Figure 2

Figure 2: pH variation through the system showing averages and 95% confidence level range

Figure 3 shows the average COD readings for each sample point. From a feed COD of 11441 mg.l-1 the COD in the effluent from the settler was reduced to 7781 mg.l-1 due largely to settling out of organic solids.  The COD dropped to an average of 2482 mg.l-1 in the methanogenic reactor due to conversion of VFAs to biogas.  Aerobic treatment reduced the COD to 862 mg.l-1, confirming the claims in the literature that aerobic treatment was required to achieve optimum COD reduction.

Figure 3

Figure 3: COD variation through the system showing averages and 95% confidence level range.

Figure 4 shows the TSS variation in the system.  As would be expected the TSS dropped after settling of the flocs formed in the reactor from 2356 mg.l-1 in the feed to 464 mg.l-1 after settling.  A further drop in TSS to 304 mg.l-1 is noted after methanogenic treatment, due to entrapment and hydrolysis of solids. 

The TSS dropped to 154 mg.l-1 after aerobic treatments thanks largely to entrainment and digestion of solids by the activated sludge.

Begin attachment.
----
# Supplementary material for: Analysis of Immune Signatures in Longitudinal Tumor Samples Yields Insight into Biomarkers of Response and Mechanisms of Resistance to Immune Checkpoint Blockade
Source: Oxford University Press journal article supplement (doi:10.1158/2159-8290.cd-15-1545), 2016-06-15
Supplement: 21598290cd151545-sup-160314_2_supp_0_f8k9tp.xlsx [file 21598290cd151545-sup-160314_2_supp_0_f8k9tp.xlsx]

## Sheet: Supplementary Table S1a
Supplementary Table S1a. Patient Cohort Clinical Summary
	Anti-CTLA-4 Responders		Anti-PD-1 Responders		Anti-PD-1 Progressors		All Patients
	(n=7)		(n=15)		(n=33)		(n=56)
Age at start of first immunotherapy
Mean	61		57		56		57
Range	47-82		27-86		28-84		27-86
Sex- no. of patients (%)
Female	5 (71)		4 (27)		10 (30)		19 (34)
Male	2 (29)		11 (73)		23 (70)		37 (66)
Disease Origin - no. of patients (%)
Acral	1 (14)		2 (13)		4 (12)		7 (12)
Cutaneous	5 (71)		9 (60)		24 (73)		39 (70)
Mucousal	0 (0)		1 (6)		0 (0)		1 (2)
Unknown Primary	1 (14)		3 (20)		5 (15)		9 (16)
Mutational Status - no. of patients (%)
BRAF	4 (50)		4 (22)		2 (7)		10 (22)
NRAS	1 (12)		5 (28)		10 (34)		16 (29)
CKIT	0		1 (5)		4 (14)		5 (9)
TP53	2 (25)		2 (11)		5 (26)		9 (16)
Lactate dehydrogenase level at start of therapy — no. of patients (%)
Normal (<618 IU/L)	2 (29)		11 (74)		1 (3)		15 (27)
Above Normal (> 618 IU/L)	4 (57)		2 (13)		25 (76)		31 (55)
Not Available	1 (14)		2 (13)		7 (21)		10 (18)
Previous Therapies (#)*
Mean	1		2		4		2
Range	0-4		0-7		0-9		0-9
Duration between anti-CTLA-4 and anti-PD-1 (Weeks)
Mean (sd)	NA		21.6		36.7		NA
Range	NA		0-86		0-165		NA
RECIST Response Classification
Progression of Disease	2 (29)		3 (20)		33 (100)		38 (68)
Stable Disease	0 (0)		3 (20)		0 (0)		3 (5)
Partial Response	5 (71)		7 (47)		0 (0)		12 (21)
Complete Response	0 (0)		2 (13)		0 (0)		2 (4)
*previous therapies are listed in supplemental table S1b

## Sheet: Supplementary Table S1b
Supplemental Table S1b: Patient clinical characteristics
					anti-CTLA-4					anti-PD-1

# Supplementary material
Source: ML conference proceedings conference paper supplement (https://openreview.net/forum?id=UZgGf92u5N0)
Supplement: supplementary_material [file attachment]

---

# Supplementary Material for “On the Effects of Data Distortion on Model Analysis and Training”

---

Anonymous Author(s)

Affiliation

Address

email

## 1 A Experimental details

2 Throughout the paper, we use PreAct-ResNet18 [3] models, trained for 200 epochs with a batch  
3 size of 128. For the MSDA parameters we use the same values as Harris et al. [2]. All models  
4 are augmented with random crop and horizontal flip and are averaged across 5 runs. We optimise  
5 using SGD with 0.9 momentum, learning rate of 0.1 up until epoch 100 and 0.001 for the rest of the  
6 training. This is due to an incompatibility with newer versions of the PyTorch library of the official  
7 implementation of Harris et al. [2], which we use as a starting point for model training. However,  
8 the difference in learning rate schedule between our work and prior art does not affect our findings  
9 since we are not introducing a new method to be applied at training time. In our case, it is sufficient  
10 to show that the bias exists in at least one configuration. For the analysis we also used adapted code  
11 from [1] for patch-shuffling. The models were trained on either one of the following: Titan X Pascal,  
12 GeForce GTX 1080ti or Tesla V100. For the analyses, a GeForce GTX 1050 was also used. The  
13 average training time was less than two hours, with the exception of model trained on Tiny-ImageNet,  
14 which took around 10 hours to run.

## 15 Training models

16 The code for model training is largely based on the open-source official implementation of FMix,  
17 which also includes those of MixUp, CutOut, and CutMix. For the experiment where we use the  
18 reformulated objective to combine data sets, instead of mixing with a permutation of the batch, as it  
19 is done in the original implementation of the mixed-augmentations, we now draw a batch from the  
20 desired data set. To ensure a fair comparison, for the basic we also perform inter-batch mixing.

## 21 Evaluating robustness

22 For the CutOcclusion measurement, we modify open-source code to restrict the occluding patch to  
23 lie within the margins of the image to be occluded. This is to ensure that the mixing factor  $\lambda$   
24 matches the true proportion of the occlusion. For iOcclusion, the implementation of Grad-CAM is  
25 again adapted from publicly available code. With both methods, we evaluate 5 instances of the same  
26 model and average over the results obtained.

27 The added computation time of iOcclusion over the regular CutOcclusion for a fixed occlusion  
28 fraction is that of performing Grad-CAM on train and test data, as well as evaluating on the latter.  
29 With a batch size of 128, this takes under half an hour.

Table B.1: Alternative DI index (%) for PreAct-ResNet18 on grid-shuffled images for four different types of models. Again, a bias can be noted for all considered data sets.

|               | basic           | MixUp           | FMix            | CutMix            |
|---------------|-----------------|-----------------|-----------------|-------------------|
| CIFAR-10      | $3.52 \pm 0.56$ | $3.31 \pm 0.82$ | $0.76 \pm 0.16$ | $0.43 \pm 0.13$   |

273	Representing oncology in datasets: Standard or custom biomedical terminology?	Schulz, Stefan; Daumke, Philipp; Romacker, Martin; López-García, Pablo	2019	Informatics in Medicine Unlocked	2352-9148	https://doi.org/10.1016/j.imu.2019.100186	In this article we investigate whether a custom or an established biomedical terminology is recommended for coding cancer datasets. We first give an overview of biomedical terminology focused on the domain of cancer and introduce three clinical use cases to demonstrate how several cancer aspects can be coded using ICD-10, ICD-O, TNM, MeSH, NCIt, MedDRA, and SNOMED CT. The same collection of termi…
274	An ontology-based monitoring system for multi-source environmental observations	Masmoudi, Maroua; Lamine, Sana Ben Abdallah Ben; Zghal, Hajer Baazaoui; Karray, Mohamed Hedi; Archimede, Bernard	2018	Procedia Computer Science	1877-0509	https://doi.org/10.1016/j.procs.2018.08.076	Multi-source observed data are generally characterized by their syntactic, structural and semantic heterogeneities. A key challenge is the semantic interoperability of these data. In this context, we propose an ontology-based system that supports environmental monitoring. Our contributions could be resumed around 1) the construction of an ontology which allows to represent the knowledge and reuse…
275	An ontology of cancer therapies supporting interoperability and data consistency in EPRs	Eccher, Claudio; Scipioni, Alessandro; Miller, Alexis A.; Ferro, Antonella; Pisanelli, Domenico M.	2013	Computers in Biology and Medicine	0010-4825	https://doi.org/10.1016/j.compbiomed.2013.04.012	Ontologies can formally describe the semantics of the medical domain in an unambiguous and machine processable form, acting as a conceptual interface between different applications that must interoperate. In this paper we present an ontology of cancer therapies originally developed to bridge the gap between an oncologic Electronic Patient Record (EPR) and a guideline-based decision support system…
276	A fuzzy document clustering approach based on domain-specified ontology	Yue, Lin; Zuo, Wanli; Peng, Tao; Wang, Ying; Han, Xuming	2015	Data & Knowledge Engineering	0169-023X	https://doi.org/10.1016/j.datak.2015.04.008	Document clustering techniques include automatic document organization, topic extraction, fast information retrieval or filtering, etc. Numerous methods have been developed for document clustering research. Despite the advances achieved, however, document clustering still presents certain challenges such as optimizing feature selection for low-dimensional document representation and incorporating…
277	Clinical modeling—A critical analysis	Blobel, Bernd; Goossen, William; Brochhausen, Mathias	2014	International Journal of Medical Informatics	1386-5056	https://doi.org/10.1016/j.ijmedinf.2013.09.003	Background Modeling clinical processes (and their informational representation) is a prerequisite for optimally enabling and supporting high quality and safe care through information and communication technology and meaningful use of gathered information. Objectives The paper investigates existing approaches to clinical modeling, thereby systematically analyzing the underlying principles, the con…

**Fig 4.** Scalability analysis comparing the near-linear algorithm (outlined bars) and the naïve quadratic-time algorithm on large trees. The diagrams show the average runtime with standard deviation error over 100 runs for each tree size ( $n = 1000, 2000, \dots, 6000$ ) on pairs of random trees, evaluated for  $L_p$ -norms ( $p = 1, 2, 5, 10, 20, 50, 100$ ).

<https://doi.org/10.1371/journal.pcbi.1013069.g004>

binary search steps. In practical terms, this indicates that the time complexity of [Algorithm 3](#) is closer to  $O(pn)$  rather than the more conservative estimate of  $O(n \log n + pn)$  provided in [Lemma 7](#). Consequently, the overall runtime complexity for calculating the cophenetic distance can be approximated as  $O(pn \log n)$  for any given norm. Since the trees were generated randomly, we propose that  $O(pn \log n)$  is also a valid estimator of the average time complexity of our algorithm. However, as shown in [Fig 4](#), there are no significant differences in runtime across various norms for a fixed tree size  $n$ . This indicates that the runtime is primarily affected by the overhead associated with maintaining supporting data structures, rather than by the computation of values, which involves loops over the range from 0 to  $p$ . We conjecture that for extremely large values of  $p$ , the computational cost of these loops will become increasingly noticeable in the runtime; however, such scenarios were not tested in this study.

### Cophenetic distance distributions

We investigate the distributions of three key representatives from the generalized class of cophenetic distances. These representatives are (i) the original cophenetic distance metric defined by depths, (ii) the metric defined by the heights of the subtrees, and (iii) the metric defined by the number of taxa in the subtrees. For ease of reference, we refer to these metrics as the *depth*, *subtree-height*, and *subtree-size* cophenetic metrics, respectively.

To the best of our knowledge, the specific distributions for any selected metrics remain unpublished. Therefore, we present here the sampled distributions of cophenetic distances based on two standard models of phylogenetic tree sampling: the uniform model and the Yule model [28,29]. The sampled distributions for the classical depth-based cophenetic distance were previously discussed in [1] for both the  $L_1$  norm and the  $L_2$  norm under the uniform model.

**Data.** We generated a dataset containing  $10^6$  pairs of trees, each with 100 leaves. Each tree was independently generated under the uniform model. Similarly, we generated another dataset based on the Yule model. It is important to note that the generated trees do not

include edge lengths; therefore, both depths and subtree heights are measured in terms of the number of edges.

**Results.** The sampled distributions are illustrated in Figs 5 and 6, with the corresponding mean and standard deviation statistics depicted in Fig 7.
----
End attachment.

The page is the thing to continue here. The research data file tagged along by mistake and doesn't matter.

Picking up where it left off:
Figure 4

Figure 4: TSS variation through the system showing averages and 95% confidence level range.


The acidogenic reactor made it possible to run both methanogenic and aerobic treatment systems by reducing TSS levels sufficiently to prevent a build up of inert MLSS fractions in the reactors.  Of particular significance is that TSS was reduced to less than 10% of the COD value as is recommended for UASB reactors by Lettinga & Hulshoff Pol (1991).

Generation of a pH of 5 or less appears to be an important factor in ensuring good coagulation in the acidogenic reactor. Addition of molasses provides a source of carbohydrates that are readily converted to VFAs to help achieve this.

Since laboratory studies using acids to induce lignin precipitation showed that lignin only precipitated at pH 4 or less, it is thought that the coagulation seen in the acidogenic reactor is due to the formation of exo-polymers by the acidogens, and that either the release or coagulating ability of these exo-polymers is affected by pH.

Performance of the overall treatment system in terms of COD and TSS reduction is summarised in Table 3.

Table 3: Percent reductions in COD and TSS based on the average results relative to feed values. Confidence levels (95%) indicated in brackets.